In addition to regular servings from the Administrative Law Review and Yale Journal on Regulation, I look forward to two annual administrative law symposia. This year’s symposium from the George Washington Law Review will not become available here until later this month, so I’ll focus on the Duke Law Journal’s Taking Administrative Law to Tax Symposium, which was published in May. There is a lot to like about this symposium, starting with a refreshingly succinct foreword from Andy Grewal and followed by articles from Ellen Aprill, Bryan Camp, Kristin Hickman, Steve Johnson, Leandra Lederman, and Lawrence Zelenak. [Video of the symposium is available here, and the written issue is here.]
As the title suggests, the symposium focuses on tax exceptionalism, or “tax myopia” as Paul Caron coined the phenomenon two decades ago. Tax exceptionalism is the misperception that tax law is so different from the rest of the regulatory state such that general administrative law principles do not apply. But tax exceptionalism is dying—something my tax colleague Stephanie Hoffer and I document in a forthcoming article on the Tax Court and the Administrative Procedure Act (“APA”). In Mayo Foundation v. United States, for instance, the Supreme Court refused to apply a standard less deferential than Chevron to the Treasury Department’s interpretation of the tax code, noting that it was “not inclined to carve out an approach to administrative review good for tax law only.” That same year (2011), in Cohen v. United States, the D.C. Circuit held that the judicial review provisions of the APA apply to IRS notices: “The IRS is not special in this regard; no exception exists shielding it—unlike the rest of the Federal Government—from suit under the APA.”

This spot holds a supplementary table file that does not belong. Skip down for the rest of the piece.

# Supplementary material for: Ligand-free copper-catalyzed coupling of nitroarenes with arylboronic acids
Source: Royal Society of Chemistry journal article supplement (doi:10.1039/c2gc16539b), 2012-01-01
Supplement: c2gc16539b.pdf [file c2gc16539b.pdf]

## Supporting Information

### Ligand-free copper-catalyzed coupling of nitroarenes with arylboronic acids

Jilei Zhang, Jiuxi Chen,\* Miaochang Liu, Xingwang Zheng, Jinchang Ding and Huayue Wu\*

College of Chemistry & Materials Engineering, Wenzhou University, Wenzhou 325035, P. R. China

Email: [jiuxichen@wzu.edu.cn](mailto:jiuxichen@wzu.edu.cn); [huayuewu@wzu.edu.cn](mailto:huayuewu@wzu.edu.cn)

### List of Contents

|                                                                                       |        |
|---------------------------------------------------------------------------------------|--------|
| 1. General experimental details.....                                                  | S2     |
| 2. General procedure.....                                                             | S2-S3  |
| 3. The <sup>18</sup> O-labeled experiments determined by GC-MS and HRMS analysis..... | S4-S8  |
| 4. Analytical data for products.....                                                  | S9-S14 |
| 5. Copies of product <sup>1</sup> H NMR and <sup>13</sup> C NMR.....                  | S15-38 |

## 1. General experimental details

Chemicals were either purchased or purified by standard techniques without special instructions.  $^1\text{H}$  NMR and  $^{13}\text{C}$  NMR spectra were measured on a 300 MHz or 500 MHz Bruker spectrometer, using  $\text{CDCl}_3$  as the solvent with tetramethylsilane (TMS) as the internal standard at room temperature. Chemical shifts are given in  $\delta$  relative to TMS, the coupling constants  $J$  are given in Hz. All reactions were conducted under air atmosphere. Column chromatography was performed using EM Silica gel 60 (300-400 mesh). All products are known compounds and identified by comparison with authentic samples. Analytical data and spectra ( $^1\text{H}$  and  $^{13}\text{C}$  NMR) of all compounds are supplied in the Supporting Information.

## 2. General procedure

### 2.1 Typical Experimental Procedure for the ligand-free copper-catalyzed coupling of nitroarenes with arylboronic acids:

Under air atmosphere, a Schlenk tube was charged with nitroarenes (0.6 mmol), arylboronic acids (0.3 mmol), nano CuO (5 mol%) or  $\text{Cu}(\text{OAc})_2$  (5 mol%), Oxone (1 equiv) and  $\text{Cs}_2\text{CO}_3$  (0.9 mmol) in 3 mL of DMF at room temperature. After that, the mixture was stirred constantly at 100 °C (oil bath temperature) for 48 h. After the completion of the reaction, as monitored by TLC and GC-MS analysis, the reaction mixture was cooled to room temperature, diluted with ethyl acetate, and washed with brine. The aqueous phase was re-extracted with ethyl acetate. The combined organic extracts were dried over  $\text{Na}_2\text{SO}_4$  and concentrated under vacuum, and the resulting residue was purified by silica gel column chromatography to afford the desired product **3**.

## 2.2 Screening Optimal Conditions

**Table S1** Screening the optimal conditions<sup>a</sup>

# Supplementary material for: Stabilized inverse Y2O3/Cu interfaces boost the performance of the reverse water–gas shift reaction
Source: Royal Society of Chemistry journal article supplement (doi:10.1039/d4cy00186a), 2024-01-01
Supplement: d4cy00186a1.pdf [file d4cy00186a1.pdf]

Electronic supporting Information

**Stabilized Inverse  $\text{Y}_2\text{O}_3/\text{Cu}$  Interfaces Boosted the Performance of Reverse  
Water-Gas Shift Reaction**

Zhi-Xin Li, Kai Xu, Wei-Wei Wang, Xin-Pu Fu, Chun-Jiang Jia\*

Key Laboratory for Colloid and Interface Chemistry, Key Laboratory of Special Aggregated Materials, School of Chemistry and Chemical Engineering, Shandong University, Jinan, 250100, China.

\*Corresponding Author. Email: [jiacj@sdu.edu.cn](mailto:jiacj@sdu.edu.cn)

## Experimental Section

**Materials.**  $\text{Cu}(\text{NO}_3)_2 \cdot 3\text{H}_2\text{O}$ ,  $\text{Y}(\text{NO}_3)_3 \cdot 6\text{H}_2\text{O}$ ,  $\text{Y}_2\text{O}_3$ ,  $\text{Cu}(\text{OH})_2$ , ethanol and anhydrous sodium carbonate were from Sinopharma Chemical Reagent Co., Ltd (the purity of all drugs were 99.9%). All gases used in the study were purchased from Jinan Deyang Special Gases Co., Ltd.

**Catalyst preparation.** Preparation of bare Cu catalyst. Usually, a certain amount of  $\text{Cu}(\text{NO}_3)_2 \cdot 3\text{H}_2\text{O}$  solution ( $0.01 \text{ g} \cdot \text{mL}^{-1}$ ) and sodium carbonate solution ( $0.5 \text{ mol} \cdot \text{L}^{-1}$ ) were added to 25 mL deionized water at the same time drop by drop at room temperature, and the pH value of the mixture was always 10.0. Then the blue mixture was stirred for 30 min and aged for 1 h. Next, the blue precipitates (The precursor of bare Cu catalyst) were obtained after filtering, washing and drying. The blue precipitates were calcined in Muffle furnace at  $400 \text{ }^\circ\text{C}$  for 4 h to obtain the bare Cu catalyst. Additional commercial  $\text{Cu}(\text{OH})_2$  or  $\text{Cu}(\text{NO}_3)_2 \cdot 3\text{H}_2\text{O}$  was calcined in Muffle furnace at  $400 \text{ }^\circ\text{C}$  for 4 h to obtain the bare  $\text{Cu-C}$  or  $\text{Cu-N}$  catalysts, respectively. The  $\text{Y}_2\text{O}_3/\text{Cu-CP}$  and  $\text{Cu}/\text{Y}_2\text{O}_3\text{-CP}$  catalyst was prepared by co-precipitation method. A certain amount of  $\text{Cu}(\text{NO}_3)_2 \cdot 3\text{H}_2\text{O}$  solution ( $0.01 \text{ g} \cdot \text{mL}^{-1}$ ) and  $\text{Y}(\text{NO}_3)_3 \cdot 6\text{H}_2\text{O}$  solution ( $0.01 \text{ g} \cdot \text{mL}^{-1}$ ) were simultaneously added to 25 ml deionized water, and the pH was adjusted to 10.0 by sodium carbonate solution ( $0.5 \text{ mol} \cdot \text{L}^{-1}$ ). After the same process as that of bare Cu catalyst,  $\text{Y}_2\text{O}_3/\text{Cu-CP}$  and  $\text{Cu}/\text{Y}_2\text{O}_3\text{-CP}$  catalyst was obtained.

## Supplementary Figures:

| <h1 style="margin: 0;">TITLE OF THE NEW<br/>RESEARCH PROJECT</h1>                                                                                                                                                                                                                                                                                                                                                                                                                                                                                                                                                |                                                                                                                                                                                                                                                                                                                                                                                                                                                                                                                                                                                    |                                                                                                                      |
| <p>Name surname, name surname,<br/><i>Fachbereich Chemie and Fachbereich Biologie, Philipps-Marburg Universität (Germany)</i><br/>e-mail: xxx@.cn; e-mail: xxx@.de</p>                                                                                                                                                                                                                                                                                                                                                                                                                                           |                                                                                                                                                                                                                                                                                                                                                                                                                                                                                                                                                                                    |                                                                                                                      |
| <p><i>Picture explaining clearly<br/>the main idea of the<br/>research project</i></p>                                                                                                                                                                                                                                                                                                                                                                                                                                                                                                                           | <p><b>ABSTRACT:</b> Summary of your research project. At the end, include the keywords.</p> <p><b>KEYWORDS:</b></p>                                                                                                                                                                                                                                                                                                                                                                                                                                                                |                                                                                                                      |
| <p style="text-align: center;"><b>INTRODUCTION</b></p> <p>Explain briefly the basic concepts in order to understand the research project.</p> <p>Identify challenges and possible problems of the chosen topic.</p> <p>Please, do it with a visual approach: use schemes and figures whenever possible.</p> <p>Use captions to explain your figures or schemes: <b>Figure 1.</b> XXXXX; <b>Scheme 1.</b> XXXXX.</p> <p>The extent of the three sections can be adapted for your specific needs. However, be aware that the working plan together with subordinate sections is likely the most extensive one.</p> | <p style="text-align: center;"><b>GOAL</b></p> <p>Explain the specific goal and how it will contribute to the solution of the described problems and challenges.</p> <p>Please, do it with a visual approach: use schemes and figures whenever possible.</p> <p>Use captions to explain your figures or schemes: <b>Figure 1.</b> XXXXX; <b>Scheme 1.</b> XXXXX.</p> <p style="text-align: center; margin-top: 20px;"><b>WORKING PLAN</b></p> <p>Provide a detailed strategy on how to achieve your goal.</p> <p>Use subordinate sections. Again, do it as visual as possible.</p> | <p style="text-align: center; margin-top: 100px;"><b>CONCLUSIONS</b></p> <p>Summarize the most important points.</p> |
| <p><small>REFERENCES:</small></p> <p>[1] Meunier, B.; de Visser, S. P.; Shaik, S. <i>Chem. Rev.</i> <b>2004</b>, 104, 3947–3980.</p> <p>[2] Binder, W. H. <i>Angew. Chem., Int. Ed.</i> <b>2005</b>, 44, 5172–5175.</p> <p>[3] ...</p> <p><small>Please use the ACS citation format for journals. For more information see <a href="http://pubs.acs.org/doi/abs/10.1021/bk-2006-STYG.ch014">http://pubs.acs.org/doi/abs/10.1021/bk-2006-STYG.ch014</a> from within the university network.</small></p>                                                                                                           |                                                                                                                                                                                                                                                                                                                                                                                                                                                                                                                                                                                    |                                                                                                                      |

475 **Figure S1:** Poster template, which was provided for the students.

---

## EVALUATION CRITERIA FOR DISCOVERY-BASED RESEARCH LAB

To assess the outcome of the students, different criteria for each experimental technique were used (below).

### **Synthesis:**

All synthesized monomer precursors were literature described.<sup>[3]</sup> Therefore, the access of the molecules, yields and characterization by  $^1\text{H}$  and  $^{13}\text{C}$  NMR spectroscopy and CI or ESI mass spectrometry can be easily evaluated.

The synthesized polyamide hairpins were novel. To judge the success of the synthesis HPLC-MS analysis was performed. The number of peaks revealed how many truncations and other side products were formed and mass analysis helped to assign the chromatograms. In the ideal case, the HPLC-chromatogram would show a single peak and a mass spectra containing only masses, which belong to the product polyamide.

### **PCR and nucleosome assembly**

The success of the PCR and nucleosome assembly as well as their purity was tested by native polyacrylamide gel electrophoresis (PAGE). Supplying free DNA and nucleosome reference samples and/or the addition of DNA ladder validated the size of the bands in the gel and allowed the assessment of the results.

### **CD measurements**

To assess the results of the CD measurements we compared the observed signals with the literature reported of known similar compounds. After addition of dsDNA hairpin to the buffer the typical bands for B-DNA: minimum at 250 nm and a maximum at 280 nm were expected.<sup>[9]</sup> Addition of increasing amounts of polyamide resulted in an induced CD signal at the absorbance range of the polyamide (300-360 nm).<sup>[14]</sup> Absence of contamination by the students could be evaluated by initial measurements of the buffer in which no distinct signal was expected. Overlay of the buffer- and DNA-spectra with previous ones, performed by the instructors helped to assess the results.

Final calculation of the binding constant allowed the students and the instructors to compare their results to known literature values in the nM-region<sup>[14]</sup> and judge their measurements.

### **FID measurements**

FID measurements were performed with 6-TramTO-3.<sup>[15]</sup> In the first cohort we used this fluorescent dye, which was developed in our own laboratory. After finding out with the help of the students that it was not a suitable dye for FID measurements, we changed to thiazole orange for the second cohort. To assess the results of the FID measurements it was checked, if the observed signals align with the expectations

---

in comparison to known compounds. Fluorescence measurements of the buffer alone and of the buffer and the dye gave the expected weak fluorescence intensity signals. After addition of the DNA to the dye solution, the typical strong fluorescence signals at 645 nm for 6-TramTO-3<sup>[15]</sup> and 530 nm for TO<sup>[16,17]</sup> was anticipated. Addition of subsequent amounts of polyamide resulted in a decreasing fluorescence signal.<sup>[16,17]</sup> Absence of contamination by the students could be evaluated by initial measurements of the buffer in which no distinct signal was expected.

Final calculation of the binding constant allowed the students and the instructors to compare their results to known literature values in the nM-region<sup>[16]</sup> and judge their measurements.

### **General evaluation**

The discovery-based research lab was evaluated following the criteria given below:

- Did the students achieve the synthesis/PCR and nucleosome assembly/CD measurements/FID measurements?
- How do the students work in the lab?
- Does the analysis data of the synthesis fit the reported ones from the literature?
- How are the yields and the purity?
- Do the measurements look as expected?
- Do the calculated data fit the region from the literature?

It is thus only fitting that Professor Hickman contributed to the symposium. After all, as a scholar at the intersection of administrative law and tax, she has spent nearly a decade calling for the reconsideration of tax exceptionalism. She wrote the foundational article in 2006 for the Court’s 2011 Mayo decision, filed an amicus brief in Mayo, and published a terrific article (covered by Jotwell) on Mayo’s aftermath. Similarly, she wrote a number of articles (e.g., here and here) that formed the basis for the Cohen decision as well as filed an amicus brief in that case.
In her symposium contribution, Professor Hickman turns her attention to one of the most compelling policy reasons for treating tax differently: the tax code’s revenue-raising function. As she explains (P. 4), “courts and scholars often invoke the importance of revenue raising to explain or defend tax exceptionalism.” To test this justification, Professor Hickman has engaged in a comprehensive empirical project to assess the regulatory activity of the Treasury Department and IRS. This is an ambitious and important project, and in this article she provides a preliminary account of one relatively narrow context: proposed, temporary, and final regulations promulgated by the Treasury’s Office of Tax Policy (in consultation with the IRS) from the beginning of 2008 through the end of 2012.
During this five-year period, she locates 449 major rulemaking documents in the Federal Register or Internal Revenue Bulletin, and these documents form the basis for her analysis. In analyzing the documents based on a variety of factors, she finds (P. 7):